Released on Halloween here in the UK later this week is the adaption of horror author Clive Barker's 'The Midnight Meat Train'. The movie, based on Barkers' short story of the same name, deals with New York photographer Leon Kauffman (Bradley Cooper) hoping to break into the big time with his snaps of the city and impress local arty farty big-wig Susan Hoff (played by Brooke Shields).
On his endeavours to capture the true underground world of New York City through his camera lens Leon soon finds himself following and investigating a strange man who works as a butcher by day and a serial killer on the subway system by night.
Cooper puts in a good performance as the photographer who slowly gets embedded in this disturbing night shoot environment and manages to himself become embroiled in the unraveling of the mysterious butcher. But what seemingly becomes more of a psychotic attachment to the murderous goings-on.
Vinnie Jones (who plays the maniacal butcher Mahogany) is notably on form here even without muttering more than a single word throughout the entire movie. His icy stare and demeanour is very reminiscent of Arnold Schwarzenegger's 'Terminator' character.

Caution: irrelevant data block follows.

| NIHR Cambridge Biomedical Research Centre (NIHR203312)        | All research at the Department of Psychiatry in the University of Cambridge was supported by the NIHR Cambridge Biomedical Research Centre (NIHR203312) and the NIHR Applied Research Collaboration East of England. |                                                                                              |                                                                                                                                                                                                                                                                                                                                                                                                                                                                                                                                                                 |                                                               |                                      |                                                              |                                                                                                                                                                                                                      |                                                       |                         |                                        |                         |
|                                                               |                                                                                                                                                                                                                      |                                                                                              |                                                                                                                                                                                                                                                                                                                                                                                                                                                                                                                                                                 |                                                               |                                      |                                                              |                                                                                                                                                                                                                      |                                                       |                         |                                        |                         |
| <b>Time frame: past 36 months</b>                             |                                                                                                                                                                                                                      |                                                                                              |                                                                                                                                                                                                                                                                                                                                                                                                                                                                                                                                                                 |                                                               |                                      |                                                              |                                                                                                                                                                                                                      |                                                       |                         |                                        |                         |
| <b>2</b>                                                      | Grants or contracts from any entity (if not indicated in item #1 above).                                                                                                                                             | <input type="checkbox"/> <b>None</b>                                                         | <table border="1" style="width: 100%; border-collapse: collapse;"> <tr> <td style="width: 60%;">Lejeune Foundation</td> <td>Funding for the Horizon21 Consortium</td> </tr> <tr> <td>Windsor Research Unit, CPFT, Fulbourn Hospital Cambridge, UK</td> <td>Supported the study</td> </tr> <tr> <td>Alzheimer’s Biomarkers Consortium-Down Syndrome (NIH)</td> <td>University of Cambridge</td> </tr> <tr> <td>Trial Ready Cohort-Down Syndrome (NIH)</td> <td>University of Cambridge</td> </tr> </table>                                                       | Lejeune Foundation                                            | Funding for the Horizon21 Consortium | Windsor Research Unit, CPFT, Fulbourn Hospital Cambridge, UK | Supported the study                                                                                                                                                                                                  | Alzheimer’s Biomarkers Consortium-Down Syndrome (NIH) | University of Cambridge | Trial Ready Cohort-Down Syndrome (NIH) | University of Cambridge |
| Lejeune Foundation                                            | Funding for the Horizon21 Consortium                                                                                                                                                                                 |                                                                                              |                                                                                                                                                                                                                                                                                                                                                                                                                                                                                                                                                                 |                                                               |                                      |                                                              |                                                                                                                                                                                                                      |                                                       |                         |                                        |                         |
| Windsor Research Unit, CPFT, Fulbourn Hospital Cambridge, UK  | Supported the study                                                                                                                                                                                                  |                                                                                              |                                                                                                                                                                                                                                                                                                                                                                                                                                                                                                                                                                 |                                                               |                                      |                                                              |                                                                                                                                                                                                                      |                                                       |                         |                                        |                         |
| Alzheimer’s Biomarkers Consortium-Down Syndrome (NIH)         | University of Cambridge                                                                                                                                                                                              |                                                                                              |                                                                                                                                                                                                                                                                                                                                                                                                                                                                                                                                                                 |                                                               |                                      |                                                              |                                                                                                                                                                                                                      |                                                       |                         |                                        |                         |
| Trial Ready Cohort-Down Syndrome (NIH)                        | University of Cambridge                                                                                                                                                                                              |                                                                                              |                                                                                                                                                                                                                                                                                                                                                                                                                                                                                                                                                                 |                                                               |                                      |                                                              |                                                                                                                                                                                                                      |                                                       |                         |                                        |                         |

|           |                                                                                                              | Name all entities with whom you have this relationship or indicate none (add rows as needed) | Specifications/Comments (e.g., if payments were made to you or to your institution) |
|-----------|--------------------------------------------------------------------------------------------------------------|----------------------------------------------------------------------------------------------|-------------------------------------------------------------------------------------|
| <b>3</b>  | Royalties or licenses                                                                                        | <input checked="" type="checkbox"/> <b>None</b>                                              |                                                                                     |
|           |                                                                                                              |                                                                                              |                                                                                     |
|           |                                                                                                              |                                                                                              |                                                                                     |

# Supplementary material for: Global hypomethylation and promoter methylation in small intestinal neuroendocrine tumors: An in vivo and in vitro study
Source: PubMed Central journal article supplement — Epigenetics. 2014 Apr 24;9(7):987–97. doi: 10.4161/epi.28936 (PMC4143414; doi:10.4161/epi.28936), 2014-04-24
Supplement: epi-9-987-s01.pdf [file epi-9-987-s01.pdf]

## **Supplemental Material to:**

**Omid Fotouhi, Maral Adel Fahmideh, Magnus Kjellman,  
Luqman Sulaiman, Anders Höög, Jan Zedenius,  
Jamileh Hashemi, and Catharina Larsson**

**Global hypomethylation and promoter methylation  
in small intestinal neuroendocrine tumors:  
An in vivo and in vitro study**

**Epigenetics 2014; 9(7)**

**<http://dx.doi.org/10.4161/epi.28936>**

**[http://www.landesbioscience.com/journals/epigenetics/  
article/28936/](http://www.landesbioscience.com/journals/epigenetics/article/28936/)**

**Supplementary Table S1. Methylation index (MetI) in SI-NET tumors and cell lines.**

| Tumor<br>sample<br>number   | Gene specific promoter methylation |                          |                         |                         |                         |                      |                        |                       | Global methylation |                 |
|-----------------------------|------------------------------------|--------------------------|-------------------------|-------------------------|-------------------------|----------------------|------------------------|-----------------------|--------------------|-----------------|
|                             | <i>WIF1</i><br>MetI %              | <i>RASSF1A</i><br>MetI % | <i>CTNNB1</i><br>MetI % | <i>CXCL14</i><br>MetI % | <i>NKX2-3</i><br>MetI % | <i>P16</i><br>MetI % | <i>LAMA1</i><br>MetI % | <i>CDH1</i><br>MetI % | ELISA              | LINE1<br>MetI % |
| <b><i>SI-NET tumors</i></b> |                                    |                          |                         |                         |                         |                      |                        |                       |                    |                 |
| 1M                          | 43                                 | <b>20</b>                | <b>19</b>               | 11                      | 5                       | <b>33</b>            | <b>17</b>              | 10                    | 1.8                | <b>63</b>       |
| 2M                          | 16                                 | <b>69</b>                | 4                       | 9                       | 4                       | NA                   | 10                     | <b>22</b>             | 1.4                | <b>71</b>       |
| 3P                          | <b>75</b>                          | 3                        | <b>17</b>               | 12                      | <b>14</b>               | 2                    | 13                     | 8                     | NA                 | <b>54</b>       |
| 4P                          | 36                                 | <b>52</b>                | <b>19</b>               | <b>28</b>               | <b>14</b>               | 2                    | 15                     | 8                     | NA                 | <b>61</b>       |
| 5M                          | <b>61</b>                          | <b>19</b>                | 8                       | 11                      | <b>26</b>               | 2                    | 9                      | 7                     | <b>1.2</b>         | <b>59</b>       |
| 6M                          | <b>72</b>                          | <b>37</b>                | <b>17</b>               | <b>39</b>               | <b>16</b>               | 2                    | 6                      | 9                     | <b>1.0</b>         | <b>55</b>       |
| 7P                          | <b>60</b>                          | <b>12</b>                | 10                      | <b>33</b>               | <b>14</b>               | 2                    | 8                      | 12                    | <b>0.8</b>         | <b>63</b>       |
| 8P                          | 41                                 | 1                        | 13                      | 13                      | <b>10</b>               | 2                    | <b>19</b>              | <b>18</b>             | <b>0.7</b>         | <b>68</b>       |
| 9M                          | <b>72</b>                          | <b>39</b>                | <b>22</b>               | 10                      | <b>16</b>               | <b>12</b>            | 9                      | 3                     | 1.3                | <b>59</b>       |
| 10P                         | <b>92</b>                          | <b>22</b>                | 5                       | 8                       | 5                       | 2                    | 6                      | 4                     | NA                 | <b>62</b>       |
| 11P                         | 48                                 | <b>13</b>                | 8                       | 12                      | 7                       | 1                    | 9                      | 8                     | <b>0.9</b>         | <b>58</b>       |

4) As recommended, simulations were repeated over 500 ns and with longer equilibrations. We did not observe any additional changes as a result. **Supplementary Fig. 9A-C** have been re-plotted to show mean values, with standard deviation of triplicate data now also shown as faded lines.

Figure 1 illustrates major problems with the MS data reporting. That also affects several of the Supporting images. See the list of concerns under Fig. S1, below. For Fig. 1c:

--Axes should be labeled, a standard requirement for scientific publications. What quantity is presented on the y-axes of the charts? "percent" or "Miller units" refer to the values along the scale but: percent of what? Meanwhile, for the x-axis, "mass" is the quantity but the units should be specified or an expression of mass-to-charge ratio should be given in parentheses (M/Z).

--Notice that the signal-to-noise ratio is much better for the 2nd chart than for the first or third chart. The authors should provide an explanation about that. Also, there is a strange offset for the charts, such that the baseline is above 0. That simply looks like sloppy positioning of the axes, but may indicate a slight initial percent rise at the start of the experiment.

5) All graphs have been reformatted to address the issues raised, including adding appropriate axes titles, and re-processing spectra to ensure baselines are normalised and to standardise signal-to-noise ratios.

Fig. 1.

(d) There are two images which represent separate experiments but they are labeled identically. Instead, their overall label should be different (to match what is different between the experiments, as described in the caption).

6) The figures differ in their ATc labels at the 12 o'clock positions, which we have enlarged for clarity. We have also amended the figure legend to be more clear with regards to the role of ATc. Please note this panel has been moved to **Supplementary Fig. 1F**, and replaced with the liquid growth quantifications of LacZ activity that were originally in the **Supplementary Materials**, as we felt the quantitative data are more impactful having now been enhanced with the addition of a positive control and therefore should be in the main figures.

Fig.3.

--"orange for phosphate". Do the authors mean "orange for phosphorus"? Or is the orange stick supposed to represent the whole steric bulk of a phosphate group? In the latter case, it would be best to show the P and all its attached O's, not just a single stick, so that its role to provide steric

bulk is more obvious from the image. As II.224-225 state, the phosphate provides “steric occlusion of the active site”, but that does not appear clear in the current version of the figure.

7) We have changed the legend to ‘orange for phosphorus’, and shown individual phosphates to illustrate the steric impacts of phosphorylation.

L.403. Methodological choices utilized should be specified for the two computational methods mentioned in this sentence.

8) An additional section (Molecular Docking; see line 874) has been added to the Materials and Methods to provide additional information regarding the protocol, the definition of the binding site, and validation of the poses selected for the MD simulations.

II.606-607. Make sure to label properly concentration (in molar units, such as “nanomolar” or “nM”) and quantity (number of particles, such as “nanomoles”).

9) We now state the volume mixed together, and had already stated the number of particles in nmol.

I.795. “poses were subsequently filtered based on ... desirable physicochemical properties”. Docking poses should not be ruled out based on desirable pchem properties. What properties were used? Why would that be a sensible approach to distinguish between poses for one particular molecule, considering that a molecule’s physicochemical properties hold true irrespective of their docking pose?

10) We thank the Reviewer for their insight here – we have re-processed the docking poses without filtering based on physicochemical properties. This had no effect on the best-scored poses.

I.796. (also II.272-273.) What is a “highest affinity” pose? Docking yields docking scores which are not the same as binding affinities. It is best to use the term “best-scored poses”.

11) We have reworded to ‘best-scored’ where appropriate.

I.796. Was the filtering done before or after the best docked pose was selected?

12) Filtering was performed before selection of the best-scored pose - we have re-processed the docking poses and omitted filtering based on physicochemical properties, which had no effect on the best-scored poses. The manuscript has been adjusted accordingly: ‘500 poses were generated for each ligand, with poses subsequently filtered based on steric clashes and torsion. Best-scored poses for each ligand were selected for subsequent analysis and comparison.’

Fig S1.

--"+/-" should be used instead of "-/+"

A lot of scenes, particularly on the train, include a variety of shots done in various perspectives which go a long way in making you more part of the ride and equally feel uneasy. The kill scenes and other gore-laden effects are extremely well thought out and crafted quite artistically even when faced with downright brutalism. Director Ryuhei Kitamura and cinematographer Johannes Kobilke have managed to combine some great ideas to surprise and delight horror audiences with. It's just a shame so many will maybe never get to see it.
Sadly 'The Midnight Meat Train' was plagued with issues around release dates and suitable theatre showings stateside and so one hopes that the process is more smooth running here in the UK on opening weekend. Personally I think Lions Gate truly messed this up and unfortunately this will have to rely on becoming an underground (no pun intended) or cult hit over time.
'The Midnight Meat Train' is a brutal and cleverly constructed horror experience. Itís one of the better adaptations in recent memory. The sequences are well thought out and add some originality to what could have been very run of the mill serial killings. Ultimately the ending takes an unbelievably unexpected departure from the whole tone of the rest of the film and will undoubtedly leave audiences split. Buy hey; this was a Barker adaption so I don't know what else I should have been expecting.